In Florida, a debate has been simmering around the question of Supreme Court Justice appointments. In a strange turn of events, three Justices – Peggy Quince, Barbara Pariente and R. Fred Lewis – are due to retire on the last day of Governor Rick Scott’s tenure in office – January 8th, 2019. This is due to a retirement policy in that state, which sets the retirement age at 70, but which also allows Justices to finish their term if they reach the statutory age in the second half of their last six-year term.
With three Justices reaching retirement age before the end of their respective terms, the question emerges: who will appoint to the new Justices? Governor Scott or his successor? And to complicate matters, the question has been brought before Florida’s high court, who, at the beginning of November, heard oral arguments regarding the appointments.
A New Epoch?
Governor Scott has asserted his authority on the matter, contending that the Justices will retire at midnight on the 8th, while he will still technically govern the state for part of the day – at least until the new governor is sworn in. This gap, he argues, should allow him to appoint three new Justices. This is a big deal because currently the Supreme Court in Florida has a liberal 4-3 majority and the three Justices due to leave the bench are all liberal-leaning. Thus, Scott’s appointments could mean the beginning of a new era in Florida’s judiciary.
The Liberal Bloc
The liberal bloc of the Supreme Court has been pivotal in a minefield of Republican legislation. The state’s high court has been responsible for key rulings, having stricken an unconstitutional limit on non-economic damages and having blocked a rule that would allow juries to give death sentences without unanimity.
To that end, the recent bout of oral arguments takes on historic meaning, as the court effectively considers its own fate. During oral arguments, Daniel Nordby, the Governor’s attorney, spoke in hypotheticals, saying that if the new Governor takes office prior to the retirement of the Justices, then that person would have the authority to make appointments. But, he argued, if on January 8th, the new governor isn’t admitted until later in the day, then Scott could potentially use his extended time in office to appoint new Justices.
The bottom line for Scott’s defense: we just don’t know what will happen, and therefore, the court should not make a decision on the matter. If Scott appoints three judges and those appointments are challenged, then the court should make a decision, but until then, the matter should be off the table. Since there’s no concrete issue, there can be no judgment. That’s at least the argument put forth by Nordby and Scott.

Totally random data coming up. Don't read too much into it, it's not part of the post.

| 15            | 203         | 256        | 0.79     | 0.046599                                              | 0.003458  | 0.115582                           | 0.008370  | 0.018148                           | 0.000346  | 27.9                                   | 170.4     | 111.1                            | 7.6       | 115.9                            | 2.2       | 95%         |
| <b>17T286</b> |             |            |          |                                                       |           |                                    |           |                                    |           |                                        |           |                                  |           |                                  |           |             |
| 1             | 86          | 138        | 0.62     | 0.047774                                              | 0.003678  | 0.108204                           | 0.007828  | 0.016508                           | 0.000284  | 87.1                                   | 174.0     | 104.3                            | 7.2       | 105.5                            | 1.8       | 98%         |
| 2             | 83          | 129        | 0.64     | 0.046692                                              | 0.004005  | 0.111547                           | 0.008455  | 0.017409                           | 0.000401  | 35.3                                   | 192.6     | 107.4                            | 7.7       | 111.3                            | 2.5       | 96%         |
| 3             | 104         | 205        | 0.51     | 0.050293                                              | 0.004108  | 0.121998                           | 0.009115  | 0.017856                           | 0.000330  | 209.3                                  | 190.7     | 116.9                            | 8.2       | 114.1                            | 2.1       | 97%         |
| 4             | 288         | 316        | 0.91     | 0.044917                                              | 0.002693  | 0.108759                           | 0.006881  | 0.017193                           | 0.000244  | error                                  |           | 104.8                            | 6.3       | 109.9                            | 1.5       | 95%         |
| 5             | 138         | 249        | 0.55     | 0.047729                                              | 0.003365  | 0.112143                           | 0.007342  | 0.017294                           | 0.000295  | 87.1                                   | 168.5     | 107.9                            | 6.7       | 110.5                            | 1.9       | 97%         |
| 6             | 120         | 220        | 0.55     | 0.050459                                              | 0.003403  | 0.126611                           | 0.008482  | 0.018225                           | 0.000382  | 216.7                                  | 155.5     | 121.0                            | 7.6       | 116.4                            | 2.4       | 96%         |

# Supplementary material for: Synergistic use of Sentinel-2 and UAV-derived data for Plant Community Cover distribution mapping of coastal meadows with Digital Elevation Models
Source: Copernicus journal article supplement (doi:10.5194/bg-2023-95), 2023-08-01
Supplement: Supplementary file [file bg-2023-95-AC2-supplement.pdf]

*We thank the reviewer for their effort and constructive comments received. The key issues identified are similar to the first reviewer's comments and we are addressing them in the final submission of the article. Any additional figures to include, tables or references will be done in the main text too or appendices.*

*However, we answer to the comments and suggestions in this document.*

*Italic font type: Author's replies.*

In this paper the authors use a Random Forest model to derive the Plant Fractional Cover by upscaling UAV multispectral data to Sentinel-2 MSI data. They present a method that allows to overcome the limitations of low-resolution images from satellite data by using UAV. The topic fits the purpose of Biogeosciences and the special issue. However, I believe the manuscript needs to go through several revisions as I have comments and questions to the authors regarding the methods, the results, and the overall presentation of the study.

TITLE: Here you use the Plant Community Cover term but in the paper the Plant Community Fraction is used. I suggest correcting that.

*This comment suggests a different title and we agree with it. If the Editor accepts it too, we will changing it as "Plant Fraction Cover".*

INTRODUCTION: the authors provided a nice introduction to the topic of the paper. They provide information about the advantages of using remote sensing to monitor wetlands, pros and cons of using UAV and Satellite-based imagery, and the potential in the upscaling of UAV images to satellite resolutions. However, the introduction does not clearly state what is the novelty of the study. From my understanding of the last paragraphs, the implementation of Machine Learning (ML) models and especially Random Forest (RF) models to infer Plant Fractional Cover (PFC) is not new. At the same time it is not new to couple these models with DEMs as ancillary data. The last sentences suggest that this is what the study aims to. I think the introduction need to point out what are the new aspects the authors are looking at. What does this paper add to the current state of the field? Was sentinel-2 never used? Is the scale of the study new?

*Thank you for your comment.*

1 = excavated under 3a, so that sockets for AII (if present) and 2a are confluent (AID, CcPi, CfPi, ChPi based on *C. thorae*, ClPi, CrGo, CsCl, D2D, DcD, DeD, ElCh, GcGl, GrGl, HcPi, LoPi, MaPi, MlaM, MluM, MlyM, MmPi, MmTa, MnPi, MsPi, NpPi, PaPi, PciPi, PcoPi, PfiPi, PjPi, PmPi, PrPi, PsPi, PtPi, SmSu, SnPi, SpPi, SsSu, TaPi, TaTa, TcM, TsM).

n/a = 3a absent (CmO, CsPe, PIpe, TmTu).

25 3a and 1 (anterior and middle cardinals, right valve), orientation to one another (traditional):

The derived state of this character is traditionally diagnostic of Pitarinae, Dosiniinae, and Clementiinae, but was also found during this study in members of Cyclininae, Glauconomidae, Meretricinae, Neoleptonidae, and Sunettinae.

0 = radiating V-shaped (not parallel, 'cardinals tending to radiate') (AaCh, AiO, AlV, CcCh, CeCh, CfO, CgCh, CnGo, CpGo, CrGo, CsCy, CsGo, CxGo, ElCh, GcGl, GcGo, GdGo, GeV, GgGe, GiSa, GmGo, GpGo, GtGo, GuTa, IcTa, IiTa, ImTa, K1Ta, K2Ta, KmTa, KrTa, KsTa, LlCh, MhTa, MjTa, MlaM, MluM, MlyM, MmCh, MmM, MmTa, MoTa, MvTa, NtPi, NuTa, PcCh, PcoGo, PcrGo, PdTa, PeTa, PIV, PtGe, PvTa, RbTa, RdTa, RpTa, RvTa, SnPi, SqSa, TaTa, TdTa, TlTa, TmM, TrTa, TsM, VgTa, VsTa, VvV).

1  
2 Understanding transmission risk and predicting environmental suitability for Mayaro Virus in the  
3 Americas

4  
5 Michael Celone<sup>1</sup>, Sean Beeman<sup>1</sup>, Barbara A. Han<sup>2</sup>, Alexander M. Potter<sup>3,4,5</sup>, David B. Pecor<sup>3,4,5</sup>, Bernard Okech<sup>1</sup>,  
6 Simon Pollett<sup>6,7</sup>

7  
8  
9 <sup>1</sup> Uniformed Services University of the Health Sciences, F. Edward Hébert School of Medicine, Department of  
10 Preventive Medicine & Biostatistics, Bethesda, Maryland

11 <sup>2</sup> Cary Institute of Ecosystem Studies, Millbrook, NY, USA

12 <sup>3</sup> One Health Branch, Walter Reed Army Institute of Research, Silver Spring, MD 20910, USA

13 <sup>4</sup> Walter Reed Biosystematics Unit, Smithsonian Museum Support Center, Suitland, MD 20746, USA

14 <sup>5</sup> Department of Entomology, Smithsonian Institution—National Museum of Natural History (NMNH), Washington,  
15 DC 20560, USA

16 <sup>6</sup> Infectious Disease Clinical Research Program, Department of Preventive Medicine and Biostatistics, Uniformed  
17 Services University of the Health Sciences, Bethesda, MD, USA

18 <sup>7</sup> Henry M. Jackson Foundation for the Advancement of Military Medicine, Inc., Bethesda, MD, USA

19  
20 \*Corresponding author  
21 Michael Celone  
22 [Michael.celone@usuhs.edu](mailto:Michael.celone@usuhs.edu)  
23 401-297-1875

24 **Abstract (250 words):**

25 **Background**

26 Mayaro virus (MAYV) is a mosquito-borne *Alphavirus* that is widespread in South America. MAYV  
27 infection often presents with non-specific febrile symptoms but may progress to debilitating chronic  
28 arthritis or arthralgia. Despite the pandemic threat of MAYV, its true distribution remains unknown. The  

Conservative Justice Charles Canady seemed amenable to that line of reasoning during arguments, saying, “[T]his is all speculative. I’m having a hard time seeing how this is a ripe controversy.”
John Mills, counsel for Common Cause Florida and the Florida League of Women Voters, opposed this logic, arguing instead that the court’s silence would leave the state and its voters confused about what’s at stake in the upcoming election. Additionally, it could lead to a “constitutional crisis.” “We are asking you to test an assertion of power by the governor who says he has this power. We say he does not,” he told Justices.
To make a bizarre situation even more unreal, Governor Scott’s counsel filed a motion on Monday, November 20th, requesting that Justice Pariente – one of the three Justices in question – be taken off the case. Governor Scott argues that comments made immediately following the oral arguments constitute bias and a violation of the code of judicial conduct.
Pariente was caught by the Florida Channel using the word “crazy” after pointing to a list of the governor’s appointees to the Judicial Nominating Commission – the group responsible for nominating the Justices’ replacements. Additionally, Scott argues, Pariente expressed explicit bias during a 2012 campaign when she asked voters to keep her and her liberal colleagues in office because a decision from Governor Scott would “result in partisan political appointments.”
The outcome of the motion and the court’s deliberations could have long-term consequences for the State of Florida.